The Paramount Center Mainstage never looks as vast as it does from the audience of "Vision Disturbance," a quirky two-hander from the New York City Players that is at the theater this weekend as part of ArtsEmerson's The Next Thing. That is because the audience is placed on the Paramount stage, looking out at the darkened hall. Obscuring the view is a large rectangular wall, made of plywood that is matched by an equivalent shape on the floor - a simple playing area that looks as though it was delivered a few hours early from Home Depot. (The design elements are by Adrian W. Jones.)
Onto that set come the play's two characters: Mondo, a diminutive, middle-aged woman with striking bi-colored hair that makes her look like Morticia Addams if played by Maria Callas. Like Callas, she is Greek, with her slicked-back, black hair streaked with white, creating the closest to a visual effect this decidedly low-tech production can warrant. What might have made her hair turn white is an unusual physical affliction: small pockets of puss have formed in her left eye, causing visual distortions close to hallucinations.
This has brought her to the play’s second character - an imposing, a-bit-nerdy eye doctor (named Dr. Hull) she has come for treatment. He diagnoses her condition as something very rare, usually afflicting much older patients. "There is no cure, but it is curable," he tells her. In other words, it could fix itself in a matter of time. Laser surgery is an option, but there are risks. He takes a more holistic approach in treatment: suggesting that stress may be the cause and that music - classical music - may help in the healing process. She loves going to concerts by a local orchestra and has a beat-up piano, so she decides to try his suggestions.
But if you’re expecting some kind of alternate healing saga (like something from Oliver Sacks), think again. The music helps, but Mondo is a difficult patient and Dr. Hull’s treatment is unorthodox. Why for instance does he push his head against her neck as she stares up at the ceiling? Is he helping or just harassing? And how much does Mondo’s messy divorce fit into the equation? Also, what of Hull’s mysterious backache that leads to his addiction to certain prescription meds that lead to a professional crisis? "I feel pretty good," he tells the audience at one point. "Except I am kind-of lifeless."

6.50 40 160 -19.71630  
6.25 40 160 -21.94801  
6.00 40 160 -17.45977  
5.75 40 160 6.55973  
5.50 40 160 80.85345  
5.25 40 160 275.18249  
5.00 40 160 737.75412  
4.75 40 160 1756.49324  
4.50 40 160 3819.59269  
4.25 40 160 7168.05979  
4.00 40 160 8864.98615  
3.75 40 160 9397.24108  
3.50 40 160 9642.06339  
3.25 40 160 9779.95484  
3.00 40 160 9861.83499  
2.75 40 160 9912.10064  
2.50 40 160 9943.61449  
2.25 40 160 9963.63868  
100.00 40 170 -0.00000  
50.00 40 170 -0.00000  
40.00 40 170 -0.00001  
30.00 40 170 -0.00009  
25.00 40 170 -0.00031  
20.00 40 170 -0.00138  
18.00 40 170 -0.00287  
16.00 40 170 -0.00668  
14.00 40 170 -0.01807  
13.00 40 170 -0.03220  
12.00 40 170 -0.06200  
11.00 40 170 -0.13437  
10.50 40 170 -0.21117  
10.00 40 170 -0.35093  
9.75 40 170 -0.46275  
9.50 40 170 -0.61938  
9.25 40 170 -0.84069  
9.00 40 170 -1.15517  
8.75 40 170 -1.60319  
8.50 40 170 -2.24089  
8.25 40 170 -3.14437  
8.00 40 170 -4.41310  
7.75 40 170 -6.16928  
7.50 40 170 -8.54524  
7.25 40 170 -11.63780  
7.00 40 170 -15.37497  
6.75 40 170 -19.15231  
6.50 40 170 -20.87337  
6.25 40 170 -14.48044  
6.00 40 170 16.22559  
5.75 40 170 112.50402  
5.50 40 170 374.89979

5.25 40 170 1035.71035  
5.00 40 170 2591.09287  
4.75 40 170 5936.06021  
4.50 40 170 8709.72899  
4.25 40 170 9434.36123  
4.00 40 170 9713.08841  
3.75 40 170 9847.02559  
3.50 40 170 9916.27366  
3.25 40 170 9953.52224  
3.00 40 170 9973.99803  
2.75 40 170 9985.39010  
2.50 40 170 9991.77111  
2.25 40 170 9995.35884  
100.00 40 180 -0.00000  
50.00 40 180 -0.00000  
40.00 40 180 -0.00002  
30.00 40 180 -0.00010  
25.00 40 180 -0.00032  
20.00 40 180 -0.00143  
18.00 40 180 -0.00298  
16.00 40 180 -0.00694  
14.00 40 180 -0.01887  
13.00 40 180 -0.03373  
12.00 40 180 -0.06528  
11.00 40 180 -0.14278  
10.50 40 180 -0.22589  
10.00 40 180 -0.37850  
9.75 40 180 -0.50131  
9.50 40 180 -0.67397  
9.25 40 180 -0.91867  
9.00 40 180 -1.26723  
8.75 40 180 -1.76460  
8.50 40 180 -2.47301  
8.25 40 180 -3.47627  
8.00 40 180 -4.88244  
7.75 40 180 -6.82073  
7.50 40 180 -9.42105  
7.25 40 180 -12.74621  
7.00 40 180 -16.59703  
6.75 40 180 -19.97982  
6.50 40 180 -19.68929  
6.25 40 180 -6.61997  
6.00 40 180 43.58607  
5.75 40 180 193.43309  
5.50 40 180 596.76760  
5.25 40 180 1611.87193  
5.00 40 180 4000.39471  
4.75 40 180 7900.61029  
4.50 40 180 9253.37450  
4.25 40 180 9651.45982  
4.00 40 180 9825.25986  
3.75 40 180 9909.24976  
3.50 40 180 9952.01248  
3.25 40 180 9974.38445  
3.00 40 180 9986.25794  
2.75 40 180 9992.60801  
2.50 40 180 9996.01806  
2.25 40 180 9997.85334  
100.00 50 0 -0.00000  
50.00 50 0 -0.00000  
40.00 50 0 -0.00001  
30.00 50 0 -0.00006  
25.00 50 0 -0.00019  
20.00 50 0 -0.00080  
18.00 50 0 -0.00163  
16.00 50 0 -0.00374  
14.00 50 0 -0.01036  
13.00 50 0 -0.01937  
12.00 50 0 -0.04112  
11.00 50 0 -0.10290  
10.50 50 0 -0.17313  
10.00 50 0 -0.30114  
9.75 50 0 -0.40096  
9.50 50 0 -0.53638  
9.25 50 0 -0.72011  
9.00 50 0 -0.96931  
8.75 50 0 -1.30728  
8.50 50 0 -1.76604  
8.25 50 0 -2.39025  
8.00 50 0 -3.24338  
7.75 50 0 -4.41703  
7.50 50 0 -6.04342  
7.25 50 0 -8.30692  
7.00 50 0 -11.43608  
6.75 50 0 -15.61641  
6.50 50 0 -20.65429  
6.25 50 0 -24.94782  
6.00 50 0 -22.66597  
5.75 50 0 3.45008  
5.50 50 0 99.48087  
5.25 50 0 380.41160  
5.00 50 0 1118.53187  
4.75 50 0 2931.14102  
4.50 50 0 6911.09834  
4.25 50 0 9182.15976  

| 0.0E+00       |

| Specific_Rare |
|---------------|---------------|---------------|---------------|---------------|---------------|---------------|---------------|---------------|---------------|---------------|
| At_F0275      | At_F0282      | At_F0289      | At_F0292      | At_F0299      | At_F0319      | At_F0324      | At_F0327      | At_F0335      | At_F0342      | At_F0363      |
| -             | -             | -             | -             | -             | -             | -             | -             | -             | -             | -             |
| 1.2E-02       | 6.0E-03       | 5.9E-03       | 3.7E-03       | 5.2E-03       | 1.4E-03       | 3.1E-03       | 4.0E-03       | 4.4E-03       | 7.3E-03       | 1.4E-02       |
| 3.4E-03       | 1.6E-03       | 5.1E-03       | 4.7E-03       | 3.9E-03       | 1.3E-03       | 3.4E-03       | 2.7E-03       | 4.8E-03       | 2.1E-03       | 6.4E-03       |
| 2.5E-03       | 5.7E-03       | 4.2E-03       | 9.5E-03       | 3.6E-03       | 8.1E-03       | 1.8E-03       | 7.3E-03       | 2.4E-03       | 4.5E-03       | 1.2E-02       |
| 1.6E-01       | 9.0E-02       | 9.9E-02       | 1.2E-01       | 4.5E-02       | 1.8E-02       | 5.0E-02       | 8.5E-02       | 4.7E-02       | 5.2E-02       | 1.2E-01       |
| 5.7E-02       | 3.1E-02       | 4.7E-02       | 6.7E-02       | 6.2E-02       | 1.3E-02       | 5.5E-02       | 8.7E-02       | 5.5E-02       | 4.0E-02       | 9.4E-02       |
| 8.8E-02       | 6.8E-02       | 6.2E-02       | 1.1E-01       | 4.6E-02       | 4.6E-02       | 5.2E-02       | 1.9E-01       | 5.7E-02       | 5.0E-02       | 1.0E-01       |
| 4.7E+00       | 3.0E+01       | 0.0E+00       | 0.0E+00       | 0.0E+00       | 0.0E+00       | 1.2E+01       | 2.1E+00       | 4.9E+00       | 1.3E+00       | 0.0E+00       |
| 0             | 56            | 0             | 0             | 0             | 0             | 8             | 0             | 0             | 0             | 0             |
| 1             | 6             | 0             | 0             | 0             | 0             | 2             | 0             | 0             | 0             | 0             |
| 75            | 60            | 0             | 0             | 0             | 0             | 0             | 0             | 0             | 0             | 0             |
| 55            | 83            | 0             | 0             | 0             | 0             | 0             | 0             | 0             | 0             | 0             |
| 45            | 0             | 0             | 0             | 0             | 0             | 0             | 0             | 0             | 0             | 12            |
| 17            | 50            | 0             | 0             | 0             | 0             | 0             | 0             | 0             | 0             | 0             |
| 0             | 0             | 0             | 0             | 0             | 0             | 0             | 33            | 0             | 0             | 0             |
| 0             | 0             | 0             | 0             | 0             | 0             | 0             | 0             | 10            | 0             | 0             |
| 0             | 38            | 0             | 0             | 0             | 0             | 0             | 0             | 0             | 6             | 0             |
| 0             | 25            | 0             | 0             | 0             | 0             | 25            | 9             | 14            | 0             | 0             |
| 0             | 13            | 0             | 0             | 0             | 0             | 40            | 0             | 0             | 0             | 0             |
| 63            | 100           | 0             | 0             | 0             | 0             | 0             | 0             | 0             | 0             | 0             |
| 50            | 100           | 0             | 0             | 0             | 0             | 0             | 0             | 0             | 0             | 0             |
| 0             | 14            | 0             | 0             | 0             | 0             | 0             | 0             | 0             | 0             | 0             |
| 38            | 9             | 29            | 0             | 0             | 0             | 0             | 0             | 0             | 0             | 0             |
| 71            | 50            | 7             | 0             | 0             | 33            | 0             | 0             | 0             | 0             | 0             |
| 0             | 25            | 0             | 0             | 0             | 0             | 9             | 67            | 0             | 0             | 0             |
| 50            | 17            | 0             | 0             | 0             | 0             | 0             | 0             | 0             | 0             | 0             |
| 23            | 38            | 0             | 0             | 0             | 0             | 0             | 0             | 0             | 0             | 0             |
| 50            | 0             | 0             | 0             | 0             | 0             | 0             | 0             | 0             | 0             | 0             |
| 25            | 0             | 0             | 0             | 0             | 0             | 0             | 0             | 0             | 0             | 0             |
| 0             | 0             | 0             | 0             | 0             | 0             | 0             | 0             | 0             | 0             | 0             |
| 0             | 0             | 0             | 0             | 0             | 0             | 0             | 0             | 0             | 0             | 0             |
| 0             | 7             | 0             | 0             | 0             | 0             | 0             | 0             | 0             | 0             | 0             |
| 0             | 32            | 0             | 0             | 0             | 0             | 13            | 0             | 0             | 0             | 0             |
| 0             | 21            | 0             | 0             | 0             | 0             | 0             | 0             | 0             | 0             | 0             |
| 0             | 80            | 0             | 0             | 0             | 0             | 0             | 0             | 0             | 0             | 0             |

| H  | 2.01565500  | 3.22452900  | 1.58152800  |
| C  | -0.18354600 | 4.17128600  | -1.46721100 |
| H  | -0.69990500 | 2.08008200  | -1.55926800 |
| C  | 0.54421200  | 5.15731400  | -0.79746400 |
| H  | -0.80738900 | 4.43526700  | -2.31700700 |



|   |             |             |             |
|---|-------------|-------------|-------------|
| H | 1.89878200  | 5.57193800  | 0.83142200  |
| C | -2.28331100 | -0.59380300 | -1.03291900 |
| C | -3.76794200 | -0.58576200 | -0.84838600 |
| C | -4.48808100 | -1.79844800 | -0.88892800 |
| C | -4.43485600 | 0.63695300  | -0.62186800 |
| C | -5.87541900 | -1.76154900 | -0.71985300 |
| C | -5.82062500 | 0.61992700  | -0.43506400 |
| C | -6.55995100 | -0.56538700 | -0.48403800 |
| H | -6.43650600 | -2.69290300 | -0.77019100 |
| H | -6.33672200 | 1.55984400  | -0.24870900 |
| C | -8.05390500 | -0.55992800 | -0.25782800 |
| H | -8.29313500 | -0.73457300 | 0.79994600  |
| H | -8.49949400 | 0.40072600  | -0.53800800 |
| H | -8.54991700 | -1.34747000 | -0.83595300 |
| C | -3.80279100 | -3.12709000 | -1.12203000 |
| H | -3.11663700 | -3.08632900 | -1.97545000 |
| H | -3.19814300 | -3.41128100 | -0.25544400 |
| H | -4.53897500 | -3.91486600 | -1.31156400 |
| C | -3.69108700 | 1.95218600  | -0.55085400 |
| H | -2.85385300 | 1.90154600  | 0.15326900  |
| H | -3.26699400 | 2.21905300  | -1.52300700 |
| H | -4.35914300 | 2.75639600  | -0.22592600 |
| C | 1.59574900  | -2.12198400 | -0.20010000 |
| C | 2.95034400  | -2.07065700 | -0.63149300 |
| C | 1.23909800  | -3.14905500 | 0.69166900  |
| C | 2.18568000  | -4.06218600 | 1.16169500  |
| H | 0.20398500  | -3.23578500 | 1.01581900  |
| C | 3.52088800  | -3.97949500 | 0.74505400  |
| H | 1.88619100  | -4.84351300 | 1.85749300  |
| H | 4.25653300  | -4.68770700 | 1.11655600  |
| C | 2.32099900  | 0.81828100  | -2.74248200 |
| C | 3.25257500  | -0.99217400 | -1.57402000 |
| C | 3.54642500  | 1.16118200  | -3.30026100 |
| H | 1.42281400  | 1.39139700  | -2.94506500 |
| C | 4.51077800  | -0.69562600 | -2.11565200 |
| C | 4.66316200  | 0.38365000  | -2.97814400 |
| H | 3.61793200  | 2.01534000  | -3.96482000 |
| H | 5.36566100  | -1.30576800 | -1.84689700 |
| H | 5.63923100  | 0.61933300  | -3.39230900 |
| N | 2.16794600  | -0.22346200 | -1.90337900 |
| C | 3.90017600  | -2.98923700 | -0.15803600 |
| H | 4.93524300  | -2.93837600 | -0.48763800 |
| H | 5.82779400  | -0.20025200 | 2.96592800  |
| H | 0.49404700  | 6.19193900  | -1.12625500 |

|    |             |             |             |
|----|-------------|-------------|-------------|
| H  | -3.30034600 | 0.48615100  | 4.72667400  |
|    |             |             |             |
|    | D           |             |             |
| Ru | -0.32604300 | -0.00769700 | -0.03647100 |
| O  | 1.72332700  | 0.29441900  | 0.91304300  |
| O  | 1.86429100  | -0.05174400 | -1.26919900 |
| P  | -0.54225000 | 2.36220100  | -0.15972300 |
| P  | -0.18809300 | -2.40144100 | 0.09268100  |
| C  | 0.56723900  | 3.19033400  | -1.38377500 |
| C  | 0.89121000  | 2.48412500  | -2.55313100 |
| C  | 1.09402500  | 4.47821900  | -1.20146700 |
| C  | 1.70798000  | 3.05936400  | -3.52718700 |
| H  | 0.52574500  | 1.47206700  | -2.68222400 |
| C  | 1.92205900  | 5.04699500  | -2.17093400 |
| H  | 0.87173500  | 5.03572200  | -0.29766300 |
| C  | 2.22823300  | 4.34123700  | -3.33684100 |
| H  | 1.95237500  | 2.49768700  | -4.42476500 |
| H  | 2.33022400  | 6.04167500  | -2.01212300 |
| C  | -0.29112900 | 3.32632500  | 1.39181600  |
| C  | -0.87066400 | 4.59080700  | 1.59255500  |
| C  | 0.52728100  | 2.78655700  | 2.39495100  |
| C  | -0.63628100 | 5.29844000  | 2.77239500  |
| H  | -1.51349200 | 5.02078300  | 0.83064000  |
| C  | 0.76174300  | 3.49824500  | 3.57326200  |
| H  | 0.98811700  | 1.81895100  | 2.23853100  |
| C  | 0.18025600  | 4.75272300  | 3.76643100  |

Lifeless may be a way to describe the acting style that Linda Mancini and Jay Smith employ: they both speak in an affectless deadpan. For a story filled with big emotions and drama worthy of a Lifetime movie, the actors appear to be under the influence of the drugs Dr. Hull becomes addicted to. They are both obviously depressed (and who came blame them: just living in Reading, PA, where the story takes place, would appear to push anyone over-the-edge), and the play depicts both their isolation and odd bond.
Not to suggest that it is dull, "Vision Disturbance" gets under your skin. You may have to lean forward to understand the dialogue, but it is worth it. The conversations and monologues fit together to create an intriguing portrait of two individuals struggling through mid-life crises and how they come to help each other. It’s oddly touching, but also continually offbeat. In other writers’ hands it would be a commercial romance ("Educating Rita" came to mind). But playwright Christina Masciotti maintains a rigorously off-putting style, which is perfectly complemented by Richard Maxwell’s studied direction. The result is funny, curious, sad, and stays with you after leaving the theater. Mancini conveys Mondo’s dilemma in a cranky, yet sympathetic way; and Smith is drolly funny/sad as her doctor. Do they come together? To find out the answer may be a reason to visit the Paramount this weekend.
"Vision Disturbance" continues through Feb. 23 at the Paramount Center Mainstage, 559 Washington Street, Boston, MA. For more information, the ArtsEmerson website.